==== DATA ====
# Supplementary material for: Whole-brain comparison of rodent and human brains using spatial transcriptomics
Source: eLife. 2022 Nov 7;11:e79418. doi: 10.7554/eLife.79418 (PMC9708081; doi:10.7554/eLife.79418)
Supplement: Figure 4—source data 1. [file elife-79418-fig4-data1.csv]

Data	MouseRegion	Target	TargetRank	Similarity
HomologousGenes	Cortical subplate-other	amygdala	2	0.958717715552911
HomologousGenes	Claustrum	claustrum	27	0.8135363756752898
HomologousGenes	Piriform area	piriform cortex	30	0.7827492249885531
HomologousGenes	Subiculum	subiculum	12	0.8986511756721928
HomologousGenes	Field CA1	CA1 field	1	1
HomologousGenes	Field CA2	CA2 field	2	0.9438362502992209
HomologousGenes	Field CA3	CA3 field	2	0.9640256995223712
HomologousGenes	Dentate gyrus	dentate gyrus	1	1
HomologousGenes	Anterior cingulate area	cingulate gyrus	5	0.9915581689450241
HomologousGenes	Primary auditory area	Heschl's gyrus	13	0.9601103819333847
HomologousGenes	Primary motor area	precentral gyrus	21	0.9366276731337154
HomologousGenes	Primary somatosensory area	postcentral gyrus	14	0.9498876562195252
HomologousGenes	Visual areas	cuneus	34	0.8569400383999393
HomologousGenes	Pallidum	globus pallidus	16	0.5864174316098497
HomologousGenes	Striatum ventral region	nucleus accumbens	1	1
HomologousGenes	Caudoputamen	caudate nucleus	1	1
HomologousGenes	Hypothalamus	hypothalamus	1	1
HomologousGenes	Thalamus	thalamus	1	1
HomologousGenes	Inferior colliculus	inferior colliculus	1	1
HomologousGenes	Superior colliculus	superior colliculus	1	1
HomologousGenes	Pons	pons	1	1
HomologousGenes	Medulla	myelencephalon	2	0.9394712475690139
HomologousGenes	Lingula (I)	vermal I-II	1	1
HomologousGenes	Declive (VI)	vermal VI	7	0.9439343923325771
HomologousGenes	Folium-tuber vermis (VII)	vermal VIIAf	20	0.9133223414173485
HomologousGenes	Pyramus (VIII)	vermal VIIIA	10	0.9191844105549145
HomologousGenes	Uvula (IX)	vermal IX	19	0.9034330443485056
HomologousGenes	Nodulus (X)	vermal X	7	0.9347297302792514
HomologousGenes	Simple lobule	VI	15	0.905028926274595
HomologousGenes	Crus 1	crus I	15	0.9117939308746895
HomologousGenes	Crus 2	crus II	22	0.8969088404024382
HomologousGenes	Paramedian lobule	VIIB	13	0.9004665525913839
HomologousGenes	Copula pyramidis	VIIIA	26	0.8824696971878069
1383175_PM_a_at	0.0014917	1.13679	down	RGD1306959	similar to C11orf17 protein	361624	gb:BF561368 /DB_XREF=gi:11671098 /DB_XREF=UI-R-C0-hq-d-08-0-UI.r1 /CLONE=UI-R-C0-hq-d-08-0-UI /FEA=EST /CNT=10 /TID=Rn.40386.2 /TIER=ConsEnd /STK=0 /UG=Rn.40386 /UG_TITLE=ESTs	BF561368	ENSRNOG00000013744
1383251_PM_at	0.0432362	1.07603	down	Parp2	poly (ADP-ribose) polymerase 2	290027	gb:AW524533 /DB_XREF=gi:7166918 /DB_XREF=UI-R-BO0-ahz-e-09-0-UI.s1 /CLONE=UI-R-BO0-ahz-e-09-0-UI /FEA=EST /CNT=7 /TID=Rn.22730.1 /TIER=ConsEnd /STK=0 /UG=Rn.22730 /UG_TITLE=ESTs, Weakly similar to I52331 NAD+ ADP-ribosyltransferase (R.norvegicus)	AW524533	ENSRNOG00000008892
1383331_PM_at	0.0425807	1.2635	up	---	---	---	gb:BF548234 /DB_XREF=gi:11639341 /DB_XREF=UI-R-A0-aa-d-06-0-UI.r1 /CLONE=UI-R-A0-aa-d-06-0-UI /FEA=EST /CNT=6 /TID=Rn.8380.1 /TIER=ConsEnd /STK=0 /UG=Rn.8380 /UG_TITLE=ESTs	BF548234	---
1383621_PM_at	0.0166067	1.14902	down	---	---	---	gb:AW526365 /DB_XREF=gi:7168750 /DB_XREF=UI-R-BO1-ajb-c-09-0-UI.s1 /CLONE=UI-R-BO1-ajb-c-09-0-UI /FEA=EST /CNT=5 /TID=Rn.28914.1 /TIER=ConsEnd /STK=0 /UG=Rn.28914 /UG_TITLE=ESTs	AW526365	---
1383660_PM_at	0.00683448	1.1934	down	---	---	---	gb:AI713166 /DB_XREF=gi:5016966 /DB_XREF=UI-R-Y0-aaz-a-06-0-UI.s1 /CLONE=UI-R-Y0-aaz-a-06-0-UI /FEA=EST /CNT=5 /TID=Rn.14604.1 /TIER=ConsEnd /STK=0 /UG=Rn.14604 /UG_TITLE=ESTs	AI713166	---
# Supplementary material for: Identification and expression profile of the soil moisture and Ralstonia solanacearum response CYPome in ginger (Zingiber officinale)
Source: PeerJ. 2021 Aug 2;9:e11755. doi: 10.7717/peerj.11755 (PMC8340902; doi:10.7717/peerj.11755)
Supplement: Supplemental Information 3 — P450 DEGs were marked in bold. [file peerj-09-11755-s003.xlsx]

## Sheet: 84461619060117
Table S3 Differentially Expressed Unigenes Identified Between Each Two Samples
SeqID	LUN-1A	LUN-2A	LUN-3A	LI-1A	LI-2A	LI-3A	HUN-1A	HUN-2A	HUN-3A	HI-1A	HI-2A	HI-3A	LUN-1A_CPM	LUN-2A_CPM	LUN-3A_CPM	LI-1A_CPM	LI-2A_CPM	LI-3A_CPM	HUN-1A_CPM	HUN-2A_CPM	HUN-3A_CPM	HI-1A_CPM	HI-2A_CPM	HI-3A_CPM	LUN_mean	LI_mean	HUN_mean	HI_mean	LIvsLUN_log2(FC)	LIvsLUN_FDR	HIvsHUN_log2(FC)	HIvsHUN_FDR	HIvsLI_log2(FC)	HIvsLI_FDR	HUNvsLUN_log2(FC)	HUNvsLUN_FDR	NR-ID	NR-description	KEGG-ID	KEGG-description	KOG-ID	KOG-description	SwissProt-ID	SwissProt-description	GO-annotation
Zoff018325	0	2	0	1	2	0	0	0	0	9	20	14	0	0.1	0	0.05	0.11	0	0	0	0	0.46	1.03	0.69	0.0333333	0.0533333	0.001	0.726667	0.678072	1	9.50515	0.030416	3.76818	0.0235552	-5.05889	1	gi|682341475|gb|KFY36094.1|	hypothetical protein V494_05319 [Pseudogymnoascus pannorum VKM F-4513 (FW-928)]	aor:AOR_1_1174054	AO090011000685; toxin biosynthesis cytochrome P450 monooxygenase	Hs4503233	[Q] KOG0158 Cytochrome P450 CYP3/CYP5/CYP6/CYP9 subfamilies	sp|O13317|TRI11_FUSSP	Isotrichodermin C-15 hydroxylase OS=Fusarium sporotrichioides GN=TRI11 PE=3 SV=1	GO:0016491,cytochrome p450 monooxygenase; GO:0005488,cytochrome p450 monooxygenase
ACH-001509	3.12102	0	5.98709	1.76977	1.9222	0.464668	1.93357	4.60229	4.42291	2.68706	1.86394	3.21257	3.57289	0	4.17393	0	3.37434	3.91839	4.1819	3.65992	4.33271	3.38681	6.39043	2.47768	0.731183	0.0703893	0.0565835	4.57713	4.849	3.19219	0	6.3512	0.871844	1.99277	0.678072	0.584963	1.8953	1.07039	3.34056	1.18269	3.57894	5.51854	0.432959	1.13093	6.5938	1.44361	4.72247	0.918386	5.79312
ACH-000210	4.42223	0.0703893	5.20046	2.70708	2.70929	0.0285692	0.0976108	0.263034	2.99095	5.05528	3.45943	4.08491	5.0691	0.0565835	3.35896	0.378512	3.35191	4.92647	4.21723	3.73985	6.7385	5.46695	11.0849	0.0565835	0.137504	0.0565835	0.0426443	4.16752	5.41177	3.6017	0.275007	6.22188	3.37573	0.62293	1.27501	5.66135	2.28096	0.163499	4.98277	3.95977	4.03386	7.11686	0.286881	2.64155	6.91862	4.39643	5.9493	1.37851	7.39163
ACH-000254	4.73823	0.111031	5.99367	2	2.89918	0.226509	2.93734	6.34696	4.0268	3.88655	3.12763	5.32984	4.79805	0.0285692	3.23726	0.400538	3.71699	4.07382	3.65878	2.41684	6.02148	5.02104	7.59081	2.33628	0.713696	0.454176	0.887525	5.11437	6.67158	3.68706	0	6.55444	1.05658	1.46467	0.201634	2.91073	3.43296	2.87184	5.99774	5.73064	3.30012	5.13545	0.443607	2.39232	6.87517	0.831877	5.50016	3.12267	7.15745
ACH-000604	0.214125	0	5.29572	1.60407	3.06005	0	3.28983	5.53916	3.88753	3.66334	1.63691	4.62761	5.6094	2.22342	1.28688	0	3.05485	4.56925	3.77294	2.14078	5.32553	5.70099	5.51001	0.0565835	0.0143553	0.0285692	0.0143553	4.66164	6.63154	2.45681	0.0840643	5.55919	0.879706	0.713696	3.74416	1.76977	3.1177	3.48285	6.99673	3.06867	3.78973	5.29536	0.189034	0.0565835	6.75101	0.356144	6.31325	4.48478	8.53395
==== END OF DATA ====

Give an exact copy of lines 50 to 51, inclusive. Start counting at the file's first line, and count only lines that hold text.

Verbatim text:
ACH-001509	3.12102	0	5.98709	1.76977	1.9222	0.464668	1.93357	4.60229	4.42291	2.68706	1.86394	3.21257	3.57289	0	4.17393	0	3.37434	3.91839	4.1819	3.65992	4.33271	3.38681	6.39043	2.47768	0.731183	0.0703893	0.0565835	4.57713	4.849	3.19219	0	6.3512	0.871844	1.99277	0.678072	0.584963	1.8953	1.07039	3.34056	1.18269	3.57894	5.51854	0.432959	1.13093	6.5938	1.44361	4.72247	0.918386	5.79312
ACH-000210	4.42223	0.0703893	5.20046	2.70708	2.70929	0.0285692	0.0976108	0.263034	2.99095	5.05528	3.45943	4.08491	5.0691	0.0565835	3.35896	0.378512	3.35191	4.92647	4.21723	3.73985	6.7385	5.46695	11.0849	0.0565835	0.137504	0.0565835	0.0426443	4.16752	5.41177	3.6017	0.275007	6.22188	3.37573	0.62293	1.27501	5.66135	2.28096	0.163499	4.98277	3.95977	4.03386	7.11686	0.286881	2.64155	6.91862	4.39643	5.9493	1.37851	7.39163